The story deals with private military armies in a contemporary setting and the very first video released for Advanced Warfare was a mini-documentary that featured an ex-Blackwater guy. This is a very real current world issue that is concerning and morally complex. Was your team cautious in creating a fun entertainment product around something that is so troubling in the real world?
As a Call of Duty fan, the series has always resonated with me because it's ripped from the headlines. Thinking back to when Call of Duty 4: Modern Warfare was released, on BBC and CNN you were watching AC-130 attacks over Baghdad. At the same time, you were playing a very realistic depiction of that in the campaign of Modern Warfare. When talking about the conflict of tomorrow, we started by going to the Pentagon and getting some great military advisor support. We asked them what they really believed was going to happen, what the military is preparing for. They don't talk about the most likely outcome being the rise of China as a superpower, or the resurgence of Cold War Russia. They talk about what happens when a private military corporation has access to the latest technology, the latest training, and are able to be bought by the highest bidder? They're independent of values or a nationality. It's a very provocative sort of subject matter and we did want to explore that. We did want to touch on the subject of what happens if Jonathan Irons, the most successful man in the world who controls a free-standing private military, what happens if he takes that and moves from profit to policy, wanting to reshape the world? We thought that would resonate and hopefully fans feel that. It's a provocative storyline.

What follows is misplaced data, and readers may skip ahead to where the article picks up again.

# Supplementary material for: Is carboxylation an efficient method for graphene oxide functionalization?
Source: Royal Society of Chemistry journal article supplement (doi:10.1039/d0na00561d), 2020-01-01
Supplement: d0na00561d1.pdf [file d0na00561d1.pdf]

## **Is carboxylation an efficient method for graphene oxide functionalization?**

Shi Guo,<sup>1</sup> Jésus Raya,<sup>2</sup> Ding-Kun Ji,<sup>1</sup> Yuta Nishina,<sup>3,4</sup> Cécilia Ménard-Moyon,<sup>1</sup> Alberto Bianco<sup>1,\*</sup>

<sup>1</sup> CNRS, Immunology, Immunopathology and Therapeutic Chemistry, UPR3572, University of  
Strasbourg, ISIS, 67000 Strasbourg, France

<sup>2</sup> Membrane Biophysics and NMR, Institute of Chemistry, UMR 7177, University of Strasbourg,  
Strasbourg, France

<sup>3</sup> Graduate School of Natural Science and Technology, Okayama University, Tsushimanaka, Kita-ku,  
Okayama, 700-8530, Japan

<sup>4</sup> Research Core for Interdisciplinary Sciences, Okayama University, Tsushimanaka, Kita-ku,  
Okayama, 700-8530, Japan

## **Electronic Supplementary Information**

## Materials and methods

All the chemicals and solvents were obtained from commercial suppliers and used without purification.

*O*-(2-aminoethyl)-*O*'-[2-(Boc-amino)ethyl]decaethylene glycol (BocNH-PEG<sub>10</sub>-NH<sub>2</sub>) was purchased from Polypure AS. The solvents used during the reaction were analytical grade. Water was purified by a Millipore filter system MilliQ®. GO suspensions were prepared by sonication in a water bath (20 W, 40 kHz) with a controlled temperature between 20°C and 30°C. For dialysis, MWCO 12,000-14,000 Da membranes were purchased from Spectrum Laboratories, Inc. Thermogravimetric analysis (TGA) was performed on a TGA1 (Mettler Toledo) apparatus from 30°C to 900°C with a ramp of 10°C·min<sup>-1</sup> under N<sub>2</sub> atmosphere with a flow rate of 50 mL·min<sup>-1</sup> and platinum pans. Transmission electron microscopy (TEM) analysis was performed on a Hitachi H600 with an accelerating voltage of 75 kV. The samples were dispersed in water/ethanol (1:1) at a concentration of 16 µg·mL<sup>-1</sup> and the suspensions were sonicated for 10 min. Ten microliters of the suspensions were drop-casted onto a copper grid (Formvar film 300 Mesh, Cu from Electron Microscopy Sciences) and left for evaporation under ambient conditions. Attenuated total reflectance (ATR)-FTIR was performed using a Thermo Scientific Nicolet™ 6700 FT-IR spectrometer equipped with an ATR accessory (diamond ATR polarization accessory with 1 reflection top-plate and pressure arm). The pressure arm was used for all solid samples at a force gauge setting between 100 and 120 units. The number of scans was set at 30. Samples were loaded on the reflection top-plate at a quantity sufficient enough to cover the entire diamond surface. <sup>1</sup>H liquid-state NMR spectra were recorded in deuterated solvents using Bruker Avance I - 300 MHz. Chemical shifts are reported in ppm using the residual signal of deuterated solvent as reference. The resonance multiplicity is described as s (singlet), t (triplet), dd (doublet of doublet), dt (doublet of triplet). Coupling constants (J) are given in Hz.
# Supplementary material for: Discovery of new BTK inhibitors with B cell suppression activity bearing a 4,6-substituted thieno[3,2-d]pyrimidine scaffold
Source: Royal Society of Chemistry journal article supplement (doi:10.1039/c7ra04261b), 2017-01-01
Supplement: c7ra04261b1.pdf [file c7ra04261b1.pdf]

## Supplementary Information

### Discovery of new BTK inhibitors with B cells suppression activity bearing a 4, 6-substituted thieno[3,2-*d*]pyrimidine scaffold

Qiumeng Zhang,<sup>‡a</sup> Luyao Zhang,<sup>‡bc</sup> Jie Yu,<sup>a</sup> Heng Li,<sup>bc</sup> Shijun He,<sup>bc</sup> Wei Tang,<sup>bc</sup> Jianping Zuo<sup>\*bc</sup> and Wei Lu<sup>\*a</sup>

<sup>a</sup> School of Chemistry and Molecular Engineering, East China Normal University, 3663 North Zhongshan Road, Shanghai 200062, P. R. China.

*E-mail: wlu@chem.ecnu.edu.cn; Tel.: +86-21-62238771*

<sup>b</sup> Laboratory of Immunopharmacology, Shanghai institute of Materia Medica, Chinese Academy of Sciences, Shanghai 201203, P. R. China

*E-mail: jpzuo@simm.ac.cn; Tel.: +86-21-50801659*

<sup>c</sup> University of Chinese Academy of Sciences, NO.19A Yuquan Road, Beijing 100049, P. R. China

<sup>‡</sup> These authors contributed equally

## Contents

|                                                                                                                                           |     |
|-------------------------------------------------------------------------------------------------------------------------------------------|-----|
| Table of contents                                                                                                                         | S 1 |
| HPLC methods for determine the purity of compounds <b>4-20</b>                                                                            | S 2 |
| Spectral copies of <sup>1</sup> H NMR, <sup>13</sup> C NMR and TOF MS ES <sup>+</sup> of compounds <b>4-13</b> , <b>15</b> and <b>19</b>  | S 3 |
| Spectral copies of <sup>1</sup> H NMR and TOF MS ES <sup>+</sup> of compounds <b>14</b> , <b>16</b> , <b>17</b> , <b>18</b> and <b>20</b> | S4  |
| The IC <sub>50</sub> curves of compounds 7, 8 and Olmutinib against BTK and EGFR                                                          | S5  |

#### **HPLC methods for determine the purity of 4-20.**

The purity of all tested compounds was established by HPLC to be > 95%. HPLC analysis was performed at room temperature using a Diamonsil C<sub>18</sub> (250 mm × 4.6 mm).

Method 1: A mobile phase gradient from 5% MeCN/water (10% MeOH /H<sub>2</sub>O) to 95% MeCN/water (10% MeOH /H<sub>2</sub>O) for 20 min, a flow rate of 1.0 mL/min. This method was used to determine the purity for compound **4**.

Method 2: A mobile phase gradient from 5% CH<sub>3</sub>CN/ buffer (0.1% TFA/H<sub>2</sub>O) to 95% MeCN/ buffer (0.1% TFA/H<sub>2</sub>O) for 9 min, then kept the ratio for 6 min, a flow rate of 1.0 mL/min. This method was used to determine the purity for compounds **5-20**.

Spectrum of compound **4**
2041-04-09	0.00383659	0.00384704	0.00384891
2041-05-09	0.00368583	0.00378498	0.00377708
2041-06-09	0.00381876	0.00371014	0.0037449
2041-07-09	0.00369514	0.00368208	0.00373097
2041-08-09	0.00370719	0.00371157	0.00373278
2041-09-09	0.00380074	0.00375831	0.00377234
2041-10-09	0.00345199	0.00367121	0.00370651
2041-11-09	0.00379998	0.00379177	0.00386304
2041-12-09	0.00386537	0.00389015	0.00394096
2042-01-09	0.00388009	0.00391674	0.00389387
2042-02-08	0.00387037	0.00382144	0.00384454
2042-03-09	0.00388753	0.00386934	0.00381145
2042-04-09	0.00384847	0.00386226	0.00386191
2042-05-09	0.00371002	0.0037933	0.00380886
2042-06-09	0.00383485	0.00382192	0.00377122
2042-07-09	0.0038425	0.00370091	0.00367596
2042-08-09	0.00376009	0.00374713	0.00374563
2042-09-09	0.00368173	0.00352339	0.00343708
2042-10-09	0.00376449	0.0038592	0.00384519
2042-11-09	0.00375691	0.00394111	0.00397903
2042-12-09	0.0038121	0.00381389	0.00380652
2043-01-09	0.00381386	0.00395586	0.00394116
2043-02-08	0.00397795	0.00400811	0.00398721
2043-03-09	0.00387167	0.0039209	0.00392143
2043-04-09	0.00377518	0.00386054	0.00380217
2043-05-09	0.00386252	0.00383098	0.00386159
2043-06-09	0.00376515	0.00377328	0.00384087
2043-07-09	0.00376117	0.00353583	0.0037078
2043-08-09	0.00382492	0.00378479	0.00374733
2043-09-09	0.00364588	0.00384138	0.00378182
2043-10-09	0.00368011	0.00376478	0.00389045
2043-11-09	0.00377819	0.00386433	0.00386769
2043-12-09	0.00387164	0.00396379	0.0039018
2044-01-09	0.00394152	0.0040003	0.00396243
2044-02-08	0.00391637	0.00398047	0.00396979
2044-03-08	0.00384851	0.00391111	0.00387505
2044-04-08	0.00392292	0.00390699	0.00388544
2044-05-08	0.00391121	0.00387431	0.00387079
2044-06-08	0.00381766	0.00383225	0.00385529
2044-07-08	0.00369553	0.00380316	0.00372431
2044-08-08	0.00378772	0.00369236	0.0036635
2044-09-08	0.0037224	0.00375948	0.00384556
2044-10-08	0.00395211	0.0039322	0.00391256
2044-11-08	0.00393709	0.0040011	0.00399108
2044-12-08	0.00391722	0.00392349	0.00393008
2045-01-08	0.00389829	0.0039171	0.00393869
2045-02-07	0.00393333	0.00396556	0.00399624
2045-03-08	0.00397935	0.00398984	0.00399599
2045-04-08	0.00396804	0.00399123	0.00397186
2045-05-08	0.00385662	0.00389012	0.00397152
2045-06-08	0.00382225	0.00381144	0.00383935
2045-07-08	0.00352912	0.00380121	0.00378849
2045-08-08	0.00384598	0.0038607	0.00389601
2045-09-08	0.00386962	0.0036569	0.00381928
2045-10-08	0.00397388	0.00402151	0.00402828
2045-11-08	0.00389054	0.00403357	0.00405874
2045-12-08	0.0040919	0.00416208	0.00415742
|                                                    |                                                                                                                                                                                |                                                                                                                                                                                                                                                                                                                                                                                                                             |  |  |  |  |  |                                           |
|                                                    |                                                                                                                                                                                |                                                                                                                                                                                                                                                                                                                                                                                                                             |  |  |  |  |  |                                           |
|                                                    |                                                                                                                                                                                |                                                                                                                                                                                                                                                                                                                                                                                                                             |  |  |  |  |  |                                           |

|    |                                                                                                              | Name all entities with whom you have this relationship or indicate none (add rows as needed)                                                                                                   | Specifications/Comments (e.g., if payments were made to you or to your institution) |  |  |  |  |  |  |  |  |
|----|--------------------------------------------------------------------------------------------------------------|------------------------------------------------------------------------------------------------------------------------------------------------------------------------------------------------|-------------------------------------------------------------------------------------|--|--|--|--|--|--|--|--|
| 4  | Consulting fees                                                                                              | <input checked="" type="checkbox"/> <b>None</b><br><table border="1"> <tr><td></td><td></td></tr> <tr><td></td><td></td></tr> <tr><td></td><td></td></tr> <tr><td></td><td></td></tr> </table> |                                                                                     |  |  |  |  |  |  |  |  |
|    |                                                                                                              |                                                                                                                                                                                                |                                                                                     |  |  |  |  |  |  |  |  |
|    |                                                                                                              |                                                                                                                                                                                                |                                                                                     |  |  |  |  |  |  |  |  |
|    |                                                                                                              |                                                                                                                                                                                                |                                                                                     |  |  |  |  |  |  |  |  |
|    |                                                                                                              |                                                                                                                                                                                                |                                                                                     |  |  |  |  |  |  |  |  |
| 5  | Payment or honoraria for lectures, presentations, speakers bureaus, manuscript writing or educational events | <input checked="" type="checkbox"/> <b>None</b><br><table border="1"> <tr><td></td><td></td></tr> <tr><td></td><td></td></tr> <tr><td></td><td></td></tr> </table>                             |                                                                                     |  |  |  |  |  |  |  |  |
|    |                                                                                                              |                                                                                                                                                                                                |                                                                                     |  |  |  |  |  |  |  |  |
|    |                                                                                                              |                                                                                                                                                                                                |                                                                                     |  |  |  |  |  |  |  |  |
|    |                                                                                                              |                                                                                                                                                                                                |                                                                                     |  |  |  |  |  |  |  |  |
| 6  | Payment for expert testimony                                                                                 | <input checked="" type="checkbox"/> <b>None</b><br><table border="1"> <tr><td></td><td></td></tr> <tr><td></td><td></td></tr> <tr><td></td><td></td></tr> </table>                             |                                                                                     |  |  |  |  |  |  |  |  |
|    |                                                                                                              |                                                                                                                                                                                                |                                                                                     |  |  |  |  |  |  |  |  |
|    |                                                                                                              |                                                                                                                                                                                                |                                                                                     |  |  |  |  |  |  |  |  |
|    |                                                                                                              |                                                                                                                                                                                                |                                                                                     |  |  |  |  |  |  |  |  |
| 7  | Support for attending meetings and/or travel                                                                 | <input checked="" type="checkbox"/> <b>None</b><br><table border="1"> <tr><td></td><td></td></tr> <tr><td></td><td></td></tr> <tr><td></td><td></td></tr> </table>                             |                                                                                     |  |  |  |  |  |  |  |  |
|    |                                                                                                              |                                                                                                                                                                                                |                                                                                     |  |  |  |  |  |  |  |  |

This is the first Call of Duty title with Sledgehammer Games as the primary developer. What's going to set a Sledgehammer Call of Duty apart from a Treyarch or Infinity Ward Call of Duty?
At Sledgehammer Games, we're fans first. This is an amazing franchise that's been around for over a decade and we were fans before we became developers five years ago. As fans, we have an opportunity to make some changes, to put our mark on it. There's a storytelling focus in the game that is big for us, at Sledgehammer we have a focus on narrative that I hope will shine. That focus is married with, to be frank, a generous gift of time from Activision. Having three years to make the game allowed us to take some risks and try out things that were maybe more ambitious than [other developers] had time for in the past. So we're very excited to see how fans react to the narrative in the story mode, I think we brought something special with Kevin Spacey's involvement. And of course we're taking some bold chances with the exoskeleton and changes to player mechanics. I think we've made some pretty fundamental changes to the multiplayer.